Guest Post

North Carolina's absurd anti-discrimination bill isn't the final word

I love North Carolina. I’m not a native, but I’ve been here for a while now. The midwesterner in me still thrills at the possibility of a day trip to the mountains or the beach. I regularly try to convince my friends to move here. It’s a great place, I tell them … except for the state legislature. 

Last week, the legislature outdid itself in embarrassing the state in front of the rest of the country, a feat it has perfected in recent years. On Wednesday, in the span of just a few hours, and with no time for public discussion, lawmakers pushed through a bill [pdf] that legalizes discrimination against LGBTQ people. The governor signed it into law that night. 

The bill was a response to a Charlotte city ordinance allowing people to use the public restroom of the gender with which they identify. Apparently having no other problems to tackle (the rate of childhood hunger here is among the highest in the nation; teacher pay is among the lowest), elected officials called an emergency session to block the ordinance. 

The bill, dubbed HB2 or “The Public Facilities Privacy and Security Act,” requires people to use the restroom of the sex assigned to them at birth. HB2 also creates a blanket anti-discrimination law for the whole state, and prohibits local municipalities from making their own anti-discrimination ordinances. But the law specifically leaves out gay and lesbian people as a protected class and restricts the definition of a person’s sex to what is listed on his or her birth certificate—leaving the door wide open for discrimination against transgender people. This bill supersedes any already existing local laws, which means it is now legal in North Carolina to discriminate against LGBTQ people for any reason at all. 

The absurdities of this law are myriad: Will we now have to show our birth certificates at the door of public restrooms? An anti-discrimination law that prohibits further anti-discrimination laws itself defies logic. This tweet from a North Carolina trans man points out the nonsensical nature of the law, which actually requires men to use the women’s restroom if the “biological sex” listed on their birth certificate is female.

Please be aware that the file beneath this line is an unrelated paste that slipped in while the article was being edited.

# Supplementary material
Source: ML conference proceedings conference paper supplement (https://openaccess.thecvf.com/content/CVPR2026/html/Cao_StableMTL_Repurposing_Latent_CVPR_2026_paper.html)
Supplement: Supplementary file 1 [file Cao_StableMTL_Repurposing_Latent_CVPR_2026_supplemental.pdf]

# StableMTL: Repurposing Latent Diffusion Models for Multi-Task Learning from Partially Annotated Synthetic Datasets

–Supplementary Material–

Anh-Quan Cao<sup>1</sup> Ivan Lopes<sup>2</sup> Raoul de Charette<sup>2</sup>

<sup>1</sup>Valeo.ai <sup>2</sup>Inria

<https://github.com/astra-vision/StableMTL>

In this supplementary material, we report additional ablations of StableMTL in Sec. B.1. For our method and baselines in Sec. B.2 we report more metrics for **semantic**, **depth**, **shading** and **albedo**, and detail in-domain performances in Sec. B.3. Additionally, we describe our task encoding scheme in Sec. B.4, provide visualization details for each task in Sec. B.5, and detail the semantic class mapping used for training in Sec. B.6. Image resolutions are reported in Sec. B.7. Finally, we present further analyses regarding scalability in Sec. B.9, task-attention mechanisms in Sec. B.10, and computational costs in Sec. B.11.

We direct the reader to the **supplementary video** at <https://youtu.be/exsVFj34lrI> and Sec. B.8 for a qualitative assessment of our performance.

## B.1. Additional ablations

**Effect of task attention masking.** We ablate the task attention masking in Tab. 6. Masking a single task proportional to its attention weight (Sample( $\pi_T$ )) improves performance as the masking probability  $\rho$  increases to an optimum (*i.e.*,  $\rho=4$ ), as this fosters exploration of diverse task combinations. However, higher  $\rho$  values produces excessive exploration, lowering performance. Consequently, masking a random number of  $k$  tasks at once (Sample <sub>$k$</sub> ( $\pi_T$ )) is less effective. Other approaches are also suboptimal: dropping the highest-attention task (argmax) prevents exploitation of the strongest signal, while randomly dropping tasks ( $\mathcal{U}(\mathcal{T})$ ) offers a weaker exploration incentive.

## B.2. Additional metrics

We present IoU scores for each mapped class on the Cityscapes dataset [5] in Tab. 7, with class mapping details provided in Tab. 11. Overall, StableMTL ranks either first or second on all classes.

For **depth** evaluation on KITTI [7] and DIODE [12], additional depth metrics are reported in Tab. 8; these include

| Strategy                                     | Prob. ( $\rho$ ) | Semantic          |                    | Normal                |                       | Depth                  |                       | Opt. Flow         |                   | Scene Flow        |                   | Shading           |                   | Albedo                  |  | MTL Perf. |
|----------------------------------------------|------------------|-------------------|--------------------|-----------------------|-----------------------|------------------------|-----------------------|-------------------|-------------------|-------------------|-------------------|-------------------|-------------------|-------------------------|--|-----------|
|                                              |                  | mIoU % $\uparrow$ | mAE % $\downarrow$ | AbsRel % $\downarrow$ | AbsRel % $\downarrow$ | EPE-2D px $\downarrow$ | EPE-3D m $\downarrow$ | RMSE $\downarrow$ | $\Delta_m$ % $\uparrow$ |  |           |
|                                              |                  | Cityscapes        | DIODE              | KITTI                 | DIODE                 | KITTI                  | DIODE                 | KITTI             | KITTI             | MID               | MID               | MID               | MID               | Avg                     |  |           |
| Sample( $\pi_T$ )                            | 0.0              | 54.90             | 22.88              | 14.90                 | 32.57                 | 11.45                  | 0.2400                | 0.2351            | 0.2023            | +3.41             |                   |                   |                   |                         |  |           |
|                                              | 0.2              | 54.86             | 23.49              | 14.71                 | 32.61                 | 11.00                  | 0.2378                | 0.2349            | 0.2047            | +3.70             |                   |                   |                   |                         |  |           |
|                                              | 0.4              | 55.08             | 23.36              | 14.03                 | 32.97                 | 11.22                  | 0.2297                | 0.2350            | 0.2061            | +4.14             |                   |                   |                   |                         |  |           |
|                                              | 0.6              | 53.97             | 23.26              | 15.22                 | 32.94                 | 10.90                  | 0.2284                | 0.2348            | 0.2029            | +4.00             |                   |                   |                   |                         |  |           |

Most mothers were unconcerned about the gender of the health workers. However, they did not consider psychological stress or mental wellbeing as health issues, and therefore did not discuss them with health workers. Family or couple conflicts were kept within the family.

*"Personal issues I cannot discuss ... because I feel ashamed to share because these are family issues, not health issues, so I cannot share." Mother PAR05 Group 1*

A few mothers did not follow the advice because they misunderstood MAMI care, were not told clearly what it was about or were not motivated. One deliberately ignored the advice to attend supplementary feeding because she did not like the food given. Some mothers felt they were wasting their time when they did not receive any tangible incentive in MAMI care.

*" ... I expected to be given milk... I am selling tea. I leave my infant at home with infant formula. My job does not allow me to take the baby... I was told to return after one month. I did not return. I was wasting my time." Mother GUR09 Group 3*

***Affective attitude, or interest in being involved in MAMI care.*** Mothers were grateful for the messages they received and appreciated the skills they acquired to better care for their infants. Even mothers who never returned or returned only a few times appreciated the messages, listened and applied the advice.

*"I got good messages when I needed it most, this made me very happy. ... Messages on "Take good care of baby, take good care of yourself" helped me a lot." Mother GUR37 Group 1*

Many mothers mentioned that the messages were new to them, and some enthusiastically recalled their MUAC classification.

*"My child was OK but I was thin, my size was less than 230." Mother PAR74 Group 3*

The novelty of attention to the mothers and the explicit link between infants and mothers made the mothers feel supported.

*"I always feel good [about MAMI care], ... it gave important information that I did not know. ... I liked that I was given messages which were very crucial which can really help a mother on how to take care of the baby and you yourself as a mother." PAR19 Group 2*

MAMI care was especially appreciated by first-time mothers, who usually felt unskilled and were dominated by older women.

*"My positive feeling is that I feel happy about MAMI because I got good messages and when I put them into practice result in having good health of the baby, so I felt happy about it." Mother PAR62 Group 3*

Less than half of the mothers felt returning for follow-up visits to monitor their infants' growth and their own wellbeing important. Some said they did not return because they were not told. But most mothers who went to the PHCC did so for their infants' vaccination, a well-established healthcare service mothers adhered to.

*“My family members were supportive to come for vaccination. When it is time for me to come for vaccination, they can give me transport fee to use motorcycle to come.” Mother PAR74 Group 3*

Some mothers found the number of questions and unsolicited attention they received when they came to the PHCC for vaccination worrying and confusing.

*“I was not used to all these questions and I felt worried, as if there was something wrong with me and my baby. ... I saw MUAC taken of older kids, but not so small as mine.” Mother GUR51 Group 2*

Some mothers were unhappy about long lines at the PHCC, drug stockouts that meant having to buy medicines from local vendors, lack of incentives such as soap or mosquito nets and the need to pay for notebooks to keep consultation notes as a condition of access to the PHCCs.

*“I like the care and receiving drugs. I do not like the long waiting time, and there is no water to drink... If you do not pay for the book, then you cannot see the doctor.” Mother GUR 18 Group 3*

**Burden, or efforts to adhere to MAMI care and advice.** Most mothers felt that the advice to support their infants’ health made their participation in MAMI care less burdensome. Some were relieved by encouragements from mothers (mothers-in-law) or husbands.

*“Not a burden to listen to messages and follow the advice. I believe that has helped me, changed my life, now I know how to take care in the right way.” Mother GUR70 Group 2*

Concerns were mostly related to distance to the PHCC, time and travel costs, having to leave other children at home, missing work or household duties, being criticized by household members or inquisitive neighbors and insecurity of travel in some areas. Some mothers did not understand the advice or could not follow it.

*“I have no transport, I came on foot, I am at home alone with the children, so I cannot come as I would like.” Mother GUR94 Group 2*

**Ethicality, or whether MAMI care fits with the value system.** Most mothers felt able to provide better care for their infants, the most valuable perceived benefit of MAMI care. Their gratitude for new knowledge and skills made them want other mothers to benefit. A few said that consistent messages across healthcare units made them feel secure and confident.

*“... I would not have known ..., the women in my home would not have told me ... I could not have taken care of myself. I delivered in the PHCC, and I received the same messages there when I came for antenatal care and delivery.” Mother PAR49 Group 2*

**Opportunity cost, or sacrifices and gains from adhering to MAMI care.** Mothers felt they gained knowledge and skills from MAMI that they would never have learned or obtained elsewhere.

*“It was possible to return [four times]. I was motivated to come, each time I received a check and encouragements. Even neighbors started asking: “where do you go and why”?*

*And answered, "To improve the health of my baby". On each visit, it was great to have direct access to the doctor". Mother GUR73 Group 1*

There’s a line from Disney’s version of Beauty and the Beast that comes back to me at times like this. When the villagers go off to hunt the beast, with pitchforks and torches in hand, they sing in unison, “We don’t like what we don’t understand; in fact, it scares us.”

The hurried and frenzied way this bill came to pass leaves little doubt that the lawmakers were not interested in understanding but were acting out of fear—of not being reelected, perhaps. I suspect that few of the lawmakers who voted for the bill have taken the time to hear the story of a transgender person, and that most are simply afraid of the ways that the world is changing.

The evening after HB2 passed, my congregation gathered for a Maundy Thursday foot-washing service and shared the communion feast. On Friday, we prayed for all the brokenness of the world. 

On Saturday, we waited. It seemed that the powers of evil and fear had won again.

But I know this to be true: the Christ who knelt and washed his disciples’ dusty feet would not likely have cared which bathroom anybody used. The Christ whose hospitality and service crossed all cultural barriers would weep at the ways we blatantly leave people out. The God who became incarnate in human flesh and died on a cross knew something about the complicated and wondrous nature of bodies. The God who created us in the divine image would surely want each of us to be fully ourselves, in all our glorious humanness. 

There has been a groundswell of opposition to HB2 from nearly every direction. North Carolinians decried the law and mounted protests. Companies across the country are threatening to withdraw business from the state. A lawsuit is challenging the constitutionality of the law. Religious leaders are speaking out. The message is clear: This will not stand.

On Sunday morning, the tomb was empty. Christ is risen, we declared. Christ is risen indeed. The good news of Easter is that weeping may linger for the night, but joy comes in the morning. 

Love, ever more powerful than fear, will always rise. 

Lee Hull Moses

Lee Hull Moses is pastor of First Christian Church (Disciples of Christ) in Greensboro, North Carolina. She is author of More than Enough: Living Abundantly in a Culture of Excess (Westminster John Knox Press). 

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